Brains of Deaf People May Rewire Themselves to "Hear" When Lip-reading

November 30, 1998

By capturing stunning images of the human brain at work, researchers at the University of Rochester have provided new evidence that the brains of deaf people may "rewire" themselves in a manner that may help them communicate with hearing people. The researchers found that a part of the brain normally responsible for hearing and speech - once thought to be relatively inactive in people who are deaf - is actually bustling with activity as deaf people read lips.

The findings shed new light on the brain’s remarkable ability to assign new functions to areas of the brain once thought to be dedicated to other purposes. Further, they may guide educators in developing new strategies for teaching hearing-impaired children, and may guide neurosurgeons who perform surgery near critical brain areas on deaf patients. Dean K. Shibata, M.D., of the Department of Radiology at the University of Rochester, will reveal these findings at the 84th Annual Scientific Assembly of the Radiological Society of North America in Chicago, November 30, at 9:00 a.m.

"When a hearing person imagines a sound, some activity in the part of the brain that processes sound can be seen with Functional Magnetic Resonance Imaging (FMRI)," says Shibata. "We’re finding similar areas of activation in deaf volunteers when they lip-read. It’s almost as if the brains of these volunteers were trying to create sounds to match the lips they were reading." FMRI is a relatively new technique for imaging how the brain functions. Locally, it’s available only at the University of Rochester, where surgeons use it to determine how to remove brain tumors without injuring sensitive nearby brain tissue well in advance of the actual operation.

Eight deaf volunteers, students at the nearby National Technical Institute of the Deaf, were compared to eight hearing volunteers performing a series of visual tasks while lying within a magnetic resonance scanner. The volunteers watched a silent video of someone speaking as the scanner recorded blood flow throughout regions of each volunteer’s brain. The hearing subjects showed a relatively symmetric distribution of activity between the left and right sides of the brain, but deaf volunteers showed a surprising focus of activity on the right side, in a part of the brain called the Superior Temporal Gyrus – an area normally used to process sound and speech. The activity varied depending on the type of task performed. Both hearing and deaf volunteers who tried to identify shapes that were displayed on a screen produced the same brain activity, but lip-reading produced substantial differences.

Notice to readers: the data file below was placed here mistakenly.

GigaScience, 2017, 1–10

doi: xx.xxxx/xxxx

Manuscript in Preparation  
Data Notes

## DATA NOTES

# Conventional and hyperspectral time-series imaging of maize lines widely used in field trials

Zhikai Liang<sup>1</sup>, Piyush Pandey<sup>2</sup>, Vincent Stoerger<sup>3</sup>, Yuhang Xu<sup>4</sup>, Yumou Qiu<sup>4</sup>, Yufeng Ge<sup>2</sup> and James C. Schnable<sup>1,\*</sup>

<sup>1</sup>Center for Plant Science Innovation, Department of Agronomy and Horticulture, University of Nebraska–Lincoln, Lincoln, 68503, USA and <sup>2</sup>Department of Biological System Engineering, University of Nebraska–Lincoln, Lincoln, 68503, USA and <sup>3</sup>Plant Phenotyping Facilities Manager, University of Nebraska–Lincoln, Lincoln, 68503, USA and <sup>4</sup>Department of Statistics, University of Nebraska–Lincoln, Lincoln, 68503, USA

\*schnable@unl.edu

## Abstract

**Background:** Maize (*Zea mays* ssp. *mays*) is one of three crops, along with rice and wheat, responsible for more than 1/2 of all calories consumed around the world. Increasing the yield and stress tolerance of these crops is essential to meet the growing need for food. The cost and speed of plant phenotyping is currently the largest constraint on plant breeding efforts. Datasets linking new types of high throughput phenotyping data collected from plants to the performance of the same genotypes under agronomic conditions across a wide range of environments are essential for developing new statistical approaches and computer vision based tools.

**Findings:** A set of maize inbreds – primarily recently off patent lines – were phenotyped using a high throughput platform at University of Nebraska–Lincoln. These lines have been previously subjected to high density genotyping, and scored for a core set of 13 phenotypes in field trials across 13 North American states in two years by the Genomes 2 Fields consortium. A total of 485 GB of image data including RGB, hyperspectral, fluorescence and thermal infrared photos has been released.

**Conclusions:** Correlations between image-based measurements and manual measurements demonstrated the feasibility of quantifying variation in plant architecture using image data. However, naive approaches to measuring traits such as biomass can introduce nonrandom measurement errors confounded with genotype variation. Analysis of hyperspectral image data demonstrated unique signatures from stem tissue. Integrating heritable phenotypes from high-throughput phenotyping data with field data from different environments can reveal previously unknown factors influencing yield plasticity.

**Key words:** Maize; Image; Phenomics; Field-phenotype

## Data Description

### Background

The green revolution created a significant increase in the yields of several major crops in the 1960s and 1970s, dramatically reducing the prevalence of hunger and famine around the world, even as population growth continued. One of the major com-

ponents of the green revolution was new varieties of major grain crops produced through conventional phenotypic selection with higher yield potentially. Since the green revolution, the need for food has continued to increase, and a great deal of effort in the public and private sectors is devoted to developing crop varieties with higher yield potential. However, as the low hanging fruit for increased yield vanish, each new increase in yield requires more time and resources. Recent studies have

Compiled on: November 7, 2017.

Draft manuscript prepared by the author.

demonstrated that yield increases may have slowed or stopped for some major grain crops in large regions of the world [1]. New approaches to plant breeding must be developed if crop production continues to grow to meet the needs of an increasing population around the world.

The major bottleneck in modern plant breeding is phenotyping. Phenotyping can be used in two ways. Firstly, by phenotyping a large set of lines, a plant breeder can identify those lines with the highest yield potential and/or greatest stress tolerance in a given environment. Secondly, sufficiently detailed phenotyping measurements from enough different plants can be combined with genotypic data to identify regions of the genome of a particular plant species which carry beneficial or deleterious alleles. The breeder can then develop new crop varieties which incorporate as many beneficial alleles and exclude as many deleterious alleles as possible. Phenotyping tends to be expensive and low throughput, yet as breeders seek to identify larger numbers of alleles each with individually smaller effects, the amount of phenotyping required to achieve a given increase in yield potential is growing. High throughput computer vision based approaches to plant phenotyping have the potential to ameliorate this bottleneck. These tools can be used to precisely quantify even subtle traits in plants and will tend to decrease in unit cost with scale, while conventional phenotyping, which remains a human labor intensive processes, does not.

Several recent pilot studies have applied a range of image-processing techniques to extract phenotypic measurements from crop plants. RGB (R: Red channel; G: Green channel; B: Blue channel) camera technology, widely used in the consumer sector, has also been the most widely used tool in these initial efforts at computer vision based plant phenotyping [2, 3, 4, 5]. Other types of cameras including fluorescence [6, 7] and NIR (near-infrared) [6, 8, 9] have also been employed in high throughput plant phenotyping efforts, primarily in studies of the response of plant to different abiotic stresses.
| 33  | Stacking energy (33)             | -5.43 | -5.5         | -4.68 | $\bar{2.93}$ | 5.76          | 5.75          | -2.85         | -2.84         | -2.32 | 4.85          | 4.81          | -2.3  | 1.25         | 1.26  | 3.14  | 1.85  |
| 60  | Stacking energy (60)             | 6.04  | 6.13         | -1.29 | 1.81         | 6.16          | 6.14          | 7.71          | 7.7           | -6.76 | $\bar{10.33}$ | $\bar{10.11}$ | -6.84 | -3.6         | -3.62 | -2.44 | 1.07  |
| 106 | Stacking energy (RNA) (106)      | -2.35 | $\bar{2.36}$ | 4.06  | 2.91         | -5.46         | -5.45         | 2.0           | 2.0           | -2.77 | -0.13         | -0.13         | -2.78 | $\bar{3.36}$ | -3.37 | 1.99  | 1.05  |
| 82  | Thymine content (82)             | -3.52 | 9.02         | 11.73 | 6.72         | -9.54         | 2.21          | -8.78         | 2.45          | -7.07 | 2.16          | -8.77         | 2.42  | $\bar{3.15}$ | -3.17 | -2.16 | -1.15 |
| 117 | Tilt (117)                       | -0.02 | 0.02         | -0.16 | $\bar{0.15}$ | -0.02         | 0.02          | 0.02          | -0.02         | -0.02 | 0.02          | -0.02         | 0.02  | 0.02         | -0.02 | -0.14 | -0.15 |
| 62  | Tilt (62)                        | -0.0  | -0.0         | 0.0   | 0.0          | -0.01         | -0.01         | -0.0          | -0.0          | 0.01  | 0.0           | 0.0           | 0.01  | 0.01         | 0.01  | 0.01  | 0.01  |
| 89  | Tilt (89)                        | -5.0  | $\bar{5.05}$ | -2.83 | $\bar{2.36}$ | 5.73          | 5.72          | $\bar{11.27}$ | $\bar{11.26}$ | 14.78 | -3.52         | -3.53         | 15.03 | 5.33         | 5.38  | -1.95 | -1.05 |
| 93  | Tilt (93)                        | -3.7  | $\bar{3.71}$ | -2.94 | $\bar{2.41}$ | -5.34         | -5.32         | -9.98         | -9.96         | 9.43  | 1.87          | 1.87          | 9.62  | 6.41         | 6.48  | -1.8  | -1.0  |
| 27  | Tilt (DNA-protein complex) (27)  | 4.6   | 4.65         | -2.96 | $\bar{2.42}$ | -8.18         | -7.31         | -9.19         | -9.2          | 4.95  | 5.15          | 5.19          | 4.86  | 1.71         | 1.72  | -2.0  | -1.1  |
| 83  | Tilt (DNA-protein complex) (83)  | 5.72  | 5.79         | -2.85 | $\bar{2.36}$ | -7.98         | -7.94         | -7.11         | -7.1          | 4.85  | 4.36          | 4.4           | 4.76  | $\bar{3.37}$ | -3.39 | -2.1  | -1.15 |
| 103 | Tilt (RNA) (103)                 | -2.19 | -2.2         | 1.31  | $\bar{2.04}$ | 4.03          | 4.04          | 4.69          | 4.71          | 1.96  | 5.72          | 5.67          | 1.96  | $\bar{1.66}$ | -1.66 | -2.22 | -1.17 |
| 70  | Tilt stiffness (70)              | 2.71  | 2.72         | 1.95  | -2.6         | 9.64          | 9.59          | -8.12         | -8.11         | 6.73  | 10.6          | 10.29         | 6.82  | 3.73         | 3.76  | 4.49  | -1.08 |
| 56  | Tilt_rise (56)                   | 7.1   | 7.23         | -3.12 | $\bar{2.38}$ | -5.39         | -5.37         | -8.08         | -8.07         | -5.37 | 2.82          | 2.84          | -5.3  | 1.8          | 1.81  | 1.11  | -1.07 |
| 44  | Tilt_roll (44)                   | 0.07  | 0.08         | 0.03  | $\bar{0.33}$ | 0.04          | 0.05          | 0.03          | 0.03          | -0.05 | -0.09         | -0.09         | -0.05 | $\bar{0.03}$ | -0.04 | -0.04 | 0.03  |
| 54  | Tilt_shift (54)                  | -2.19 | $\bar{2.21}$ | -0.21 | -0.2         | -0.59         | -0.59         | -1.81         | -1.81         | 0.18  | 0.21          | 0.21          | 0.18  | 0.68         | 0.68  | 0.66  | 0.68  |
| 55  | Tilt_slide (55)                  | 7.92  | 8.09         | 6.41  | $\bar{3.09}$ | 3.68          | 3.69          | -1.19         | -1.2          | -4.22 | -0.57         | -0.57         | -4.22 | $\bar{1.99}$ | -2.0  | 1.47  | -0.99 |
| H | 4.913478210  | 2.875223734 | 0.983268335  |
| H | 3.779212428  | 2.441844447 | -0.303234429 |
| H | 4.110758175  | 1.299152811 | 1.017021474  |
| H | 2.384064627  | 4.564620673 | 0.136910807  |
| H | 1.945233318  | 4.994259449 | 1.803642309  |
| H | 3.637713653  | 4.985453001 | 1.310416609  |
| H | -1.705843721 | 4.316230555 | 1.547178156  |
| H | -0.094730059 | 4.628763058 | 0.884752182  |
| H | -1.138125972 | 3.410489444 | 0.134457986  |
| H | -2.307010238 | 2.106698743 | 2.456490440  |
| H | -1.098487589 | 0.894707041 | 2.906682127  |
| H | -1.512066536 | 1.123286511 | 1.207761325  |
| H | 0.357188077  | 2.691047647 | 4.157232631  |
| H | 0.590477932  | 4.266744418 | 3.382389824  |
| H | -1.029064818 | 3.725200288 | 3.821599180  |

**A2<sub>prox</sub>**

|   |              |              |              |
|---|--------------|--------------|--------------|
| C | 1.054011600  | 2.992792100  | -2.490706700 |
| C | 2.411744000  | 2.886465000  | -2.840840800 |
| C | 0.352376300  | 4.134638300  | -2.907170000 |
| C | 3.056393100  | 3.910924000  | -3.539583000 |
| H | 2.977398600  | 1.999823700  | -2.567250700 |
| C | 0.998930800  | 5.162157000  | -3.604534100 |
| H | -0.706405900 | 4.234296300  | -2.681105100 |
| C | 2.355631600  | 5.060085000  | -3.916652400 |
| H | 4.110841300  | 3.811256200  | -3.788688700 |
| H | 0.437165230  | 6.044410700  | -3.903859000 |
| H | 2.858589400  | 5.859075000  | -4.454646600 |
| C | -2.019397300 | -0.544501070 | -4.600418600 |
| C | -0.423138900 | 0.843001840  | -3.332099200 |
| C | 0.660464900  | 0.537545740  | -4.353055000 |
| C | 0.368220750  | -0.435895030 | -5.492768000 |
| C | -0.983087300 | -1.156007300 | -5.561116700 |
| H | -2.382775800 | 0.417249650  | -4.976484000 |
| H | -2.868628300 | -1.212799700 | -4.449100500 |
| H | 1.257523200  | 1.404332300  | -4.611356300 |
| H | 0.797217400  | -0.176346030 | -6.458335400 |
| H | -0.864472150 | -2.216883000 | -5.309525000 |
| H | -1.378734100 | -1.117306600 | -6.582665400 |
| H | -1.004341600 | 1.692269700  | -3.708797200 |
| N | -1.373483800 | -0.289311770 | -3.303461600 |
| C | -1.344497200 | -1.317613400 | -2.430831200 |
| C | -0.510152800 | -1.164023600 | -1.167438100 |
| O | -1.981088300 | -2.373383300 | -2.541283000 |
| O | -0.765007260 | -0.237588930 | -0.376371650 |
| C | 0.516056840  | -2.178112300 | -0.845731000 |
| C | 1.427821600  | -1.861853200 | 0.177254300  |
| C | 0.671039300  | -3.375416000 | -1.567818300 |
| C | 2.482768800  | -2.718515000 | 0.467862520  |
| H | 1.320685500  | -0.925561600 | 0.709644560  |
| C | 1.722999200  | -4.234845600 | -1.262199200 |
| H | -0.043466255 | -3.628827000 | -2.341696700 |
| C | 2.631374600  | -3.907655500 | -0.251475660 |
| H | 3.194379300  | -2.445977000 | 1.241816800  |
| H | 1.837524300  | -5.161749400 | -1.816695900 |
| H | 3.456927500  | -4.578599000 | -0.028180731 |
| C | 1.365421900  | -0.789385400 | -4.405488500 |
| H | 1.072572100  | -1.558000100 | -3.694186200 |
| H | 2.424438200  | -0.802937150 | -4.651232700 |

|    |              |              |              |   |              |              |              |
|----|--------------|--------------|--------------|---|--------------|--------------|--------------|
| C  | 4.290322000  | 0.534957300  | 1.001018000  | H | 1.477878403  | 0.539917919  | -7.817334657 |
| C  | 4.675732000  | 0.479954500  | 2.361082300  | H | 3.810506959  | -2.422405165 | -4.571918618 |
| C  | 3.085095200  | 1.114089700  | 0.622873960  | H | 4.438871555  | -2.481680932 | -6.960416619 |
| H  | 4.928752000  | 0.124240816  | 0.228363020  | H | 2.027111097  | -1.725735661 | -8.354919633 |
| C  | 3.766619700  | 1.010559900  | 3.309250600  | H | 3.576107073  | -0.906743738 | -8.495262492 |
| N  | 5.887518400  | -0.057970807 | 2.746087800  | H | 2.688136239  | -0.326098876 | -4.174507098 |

"When a person is born deaf, the brain is able to wire itself to make sure that the parts usually used for hearing are reassigned to more useful roles," says Shibata. "This study shows that this reconfiguration is very specific. A visual task involving shape identification does not activate these "auditory" areas, but tasks involving movement and language, such as lip-reading, do." This raises the question of why lip-reading in particular is allocated to the lobe responsible for hearing. It could be that the auditory cortex has the kind of processing power needed to understand language – no matter what its form.

"The findings are preliminary, but a better understanding of deaf physiology might eventually help guide strategies for deaf education," Shibata explains. "I’m currently studying how memory works. We know that deaf children use more visual approaches to memory tasks, and this may be reflected in the way their brain is organized."

The findings of the study will help neurosurgeons plan operations on a patient who is deaf. Knowing that a deaf person may be using his or her "auditory cortex" for other functions such as vision and language, neurosurgeons may take special precautions while operating near that area of the brain.

"Understanding the neurological changes brought about by deafness is important to the medical care of deaf patients," says Shibata. "Though the brain is still mostly a mystery to us, we’re chipping away at the mystery a little at a time. Every insight brings us closer to how the mind, both deaf or hearing, works."

The National Technical Institute of the Deaf at the Rochester Institute of Technology, Rochester, New York provided assistance with subjects for this project.

Collaborating with Shibata were Drs. Takasci Yoshiura, Edmund Kwok, Jianhui Zhong, David A. Shrier and Yuji Numaguchi of the Department of Radiology at the University of Rochester.

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